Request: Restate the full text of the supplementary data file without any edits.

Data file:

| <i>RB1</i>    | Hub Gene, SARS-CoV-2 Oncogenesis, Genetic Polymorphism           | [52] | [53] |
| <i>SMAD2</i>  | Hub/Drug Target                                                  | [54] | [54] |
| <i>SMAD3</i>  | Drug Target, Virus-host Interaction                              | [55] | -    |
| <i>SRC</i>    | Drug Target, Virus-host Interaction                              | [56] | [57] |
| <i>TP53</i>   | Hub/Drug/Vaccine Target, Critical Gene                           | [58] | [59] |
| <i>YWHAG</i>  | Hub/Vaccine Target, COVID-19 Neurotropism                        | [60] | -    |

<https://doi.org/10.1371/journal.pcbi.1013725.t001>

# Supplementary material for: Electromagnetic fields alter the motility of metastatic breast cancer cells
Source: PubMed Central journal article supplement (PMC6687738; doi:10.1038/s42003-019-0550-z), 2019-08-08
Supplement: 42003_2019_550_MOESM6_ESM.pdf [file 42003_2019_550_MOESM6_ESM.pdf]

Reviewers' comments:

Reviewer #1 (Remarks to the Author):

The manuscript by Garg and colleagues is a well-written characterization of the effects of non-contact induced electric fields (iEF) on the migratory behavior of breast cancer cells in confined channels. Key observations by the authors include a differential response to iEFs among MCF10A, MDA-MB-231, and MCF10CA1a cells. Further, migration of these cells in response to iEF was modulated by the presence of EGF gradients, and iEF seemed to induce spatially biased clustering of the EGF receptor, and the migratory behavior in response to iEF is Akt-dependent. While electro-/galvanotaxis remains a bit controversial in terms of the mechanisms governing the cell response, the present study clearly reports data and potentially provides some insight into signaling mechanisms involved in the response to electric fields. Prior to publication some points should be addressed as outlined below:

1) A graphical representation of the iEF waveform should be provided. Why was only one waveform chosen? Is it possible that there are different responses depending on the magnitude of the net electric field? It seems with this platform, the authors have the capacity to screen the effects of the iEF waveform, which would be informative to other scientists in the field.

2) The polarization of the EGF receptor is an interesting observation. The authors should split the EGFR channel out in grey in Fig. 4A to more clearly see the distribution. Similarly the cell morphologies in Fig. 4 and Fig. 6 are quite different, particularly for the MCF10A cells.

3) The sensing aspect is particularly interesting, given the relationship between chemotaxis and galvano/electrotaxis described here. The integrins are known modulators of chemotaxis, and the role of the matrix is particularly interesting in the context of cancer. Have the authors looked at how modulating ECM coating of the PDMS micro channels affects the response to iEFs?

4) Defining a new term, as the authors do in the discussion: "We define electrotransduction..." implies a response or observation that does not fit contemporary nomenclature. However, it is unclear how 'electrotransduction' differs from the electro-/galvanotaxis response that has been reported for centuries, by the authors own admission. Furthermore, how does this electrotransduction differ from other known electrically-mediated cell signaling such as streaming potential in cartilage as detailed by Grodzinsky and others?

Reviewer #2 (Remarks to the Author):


| <i>RB1</i>    | Hub Gene, SARS-CoV-2 Oncogenesis, Genetic Polymorphism           | [52] | [53] |
| <i>SMAD2</i>  | Hub/Drug Target                                                  | [54] | [54] |
| <i>SMAD3</i>  | Drug Target, Virus-host Interaction                              | [55] | -    |
| <i>SRC</i>    | Drug Target, Virus-host Interaction                              | [56] | [57] |
| <i>TP53</i>   | Hub/Drug/Vaccine Target, Critical Gene                           | [58] | [59] |
| <i>YWHAG</i>  | Hub/Vaccine Target, COVID-19 Neurotropism                        | [60] | -    |

<https://doi.org/10.1371/journal.pcbi.1013725.t001>

# Supplementary material for: Electromagnetic fields alter the motility of metastatic breast cancer cells
Source: PubMed Central journal article supplement (PMC6687738; doi:10.1038/s42003-019-0550-z), 2019-08-08
Supplement: 42003_2019_550_MOESM6_ESM.pdf [file 42003_2019_550_MOESM6_ESM.pdf]

Reviewers' comments:

Reviewer #1 (Remarks to the Author):

The manuscript by Garg and colleagues is a well-written characterization of the effects of non-contact induced electric fields (iEF) on the migratory behavior of breast cancer cells in confined channels. Key observations by the authors include a differential response to iEFs among MCF10A, MDA-MB-231, and MCF10CA1a cells. Further, migration of these cells in response to iEF was modulated by the presence of EGF gradients, and iEF seemed to induce spatially biased clustering of the EGF receptor, and the migratory behavior in response to iEF is Akt-dependent. While electro-/galvanotaxis remains a bit controversial in terms of the mechanisms governing the cell response, the present study clearly reports data and potentially provides some insight into signaling mechanisms involved in the response to electric fields. Prior to publication some points should be addressed as outlined below:

1) A graphical representation of the iEF waveform should be provided. Why was only one waveform chosen? Is it possible that there are different responses depending on the magnitude of the net electric field? It seems with this platform, the authors have the capacity to screen the effects of the iEF waveform, which would be informative to other scientists in the field.

2) The polarization of the EGF receptor is an interesting observation. The authors should split the EGFR channel out in grey in Fig. 4A to more clearly see the distribution. Similarly the cell morphologies in Fig. 4 and Fig. 6 are quite different, particularly for the MCF10A cells.

3) The sensing aspect is particularly interesting, given the relationship between chemotaxis and galvano/electrotaxis described here. The integrins are known modulators of chemotaxis, and the role of the matrix is particularly interesting in the context of cancer. Have the authors looked at how modulating ECM coating of the PDMS micro channels affects the response to iEFs?

4) Defining a new term, as the authors do in the discussion: "We define electrotransduction..." implies a response or observation that does not fit contemporary nomenclature. However, it is unclear how 'electrotransduction' differs from the electro-/galvanotaxis response that has been reported for centuries, by the authors own admission. Furthermore, how does this electrotransduction differ from other known electrically-mediated cell signaling such as streaming potential in cartilage as detailed by Grodzinsky and others?

Reviewer #2 (Remarks to the Author):